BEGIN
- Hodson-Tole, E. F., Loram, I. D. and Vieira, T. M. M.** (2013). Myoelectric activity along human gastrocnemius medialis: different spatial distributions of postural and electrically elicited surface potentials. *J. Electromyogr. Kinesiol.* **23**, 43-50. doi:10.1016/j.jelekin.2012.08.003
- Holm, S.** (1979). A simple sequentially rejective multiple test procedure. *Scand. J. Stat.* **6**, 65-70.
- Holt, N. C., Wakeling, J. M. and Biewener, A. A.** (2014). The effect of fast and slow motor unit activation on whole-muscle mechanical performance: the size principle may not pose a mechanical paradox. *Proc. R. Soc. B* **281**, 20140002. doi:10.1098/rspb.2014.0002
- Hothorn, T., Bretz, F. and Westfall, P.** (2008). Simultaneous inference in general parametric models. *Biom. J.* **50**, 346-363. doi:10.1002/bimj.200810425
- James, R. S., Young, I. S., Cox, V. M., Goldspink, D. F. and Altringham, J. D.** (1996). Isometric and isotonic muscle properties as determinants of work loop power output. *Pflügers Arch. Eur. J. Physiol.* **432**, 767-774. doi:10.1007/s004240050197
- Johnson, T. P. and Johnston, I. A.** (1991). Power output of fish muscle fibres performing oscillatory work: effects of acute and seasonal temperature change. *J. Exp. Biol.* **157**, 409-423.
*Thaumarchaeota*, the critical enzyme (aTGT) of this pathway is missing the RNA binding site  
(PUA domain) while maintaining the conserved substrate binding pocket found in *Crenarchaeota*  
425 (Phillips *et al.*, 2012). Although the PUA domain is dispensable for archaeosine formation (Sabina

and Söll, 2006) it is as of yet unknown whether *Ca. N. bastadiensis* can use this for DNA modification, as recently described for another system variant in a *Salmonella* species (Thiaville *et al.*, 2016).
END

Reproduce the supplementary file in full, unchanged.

- Hodson-Tole, E. F., Loram, I. D. and Vieira, T. M. M.** (2013). Myoelectric activity along human gastrocnemius medialis: different spatial distributions of postural and electrically elicited surface potentials. *J. Electromyogr. Kinesiol.* **23**, 43-50. doi:10.1016/j.jelekin.2012.08.003
- Holm, S.** (1979). A simple sequentially rejective multiple test procedure. *Scand. J. Stat.* **6**, 65-70.
- Holt, N. C., Wakeling, J. M. and Biewener, A. A.** (2014). The effect of fast and slow motor unit activation on whole-muscle mechanical performance: the size principle may not pose a mechanical paradox. *Proc. R. Soc. B* **281**, 20140002. doi:10.1098/rspb.2014.0002
- Hothorn, T., Bretz, F. and Westfall, P.** (2008). Simultaneous inference in general parametric models. *Biom. J.* **50**, 346-363. doi:10.1002/bimj.200810425
- James, R. S., Young, I. S., Cox, V. M., Goldspink, D. F. and Altringham, J. D.** (1996). Isometric and isotonic muscle properties as determinants of work loop power output. *Pflügers Arch. Eur. J. Physiol.* **432**, 767-774. doi:10.1007/s004240050197
- Johnson, T. P. and Johnston, I. A.** (1991). Power output of fish muscle fibres performing oscillatory work: effects of acute and seasonal temperature change. *J. Exp. Biol.* **157**, 409-423.
*Thaumarchaeota*, the critical enzyme (aTGT) of this pathway is missing the RNA binding site  
(PUA domain) while maintaining the conserved substrate binding pocket found in *Crenarchaeota*  
425 (Phillips *et al.*, 2012). Although the PUA domain is dispensable for archaeosine formation (Sabina

and Söll, 2006) it is as of yet unknown whether *Ca. N. bastadiensis* can use this for DNA modification, as recently described for another system variant in a *Salmonella* species (Thiaville *et al.*, 2016).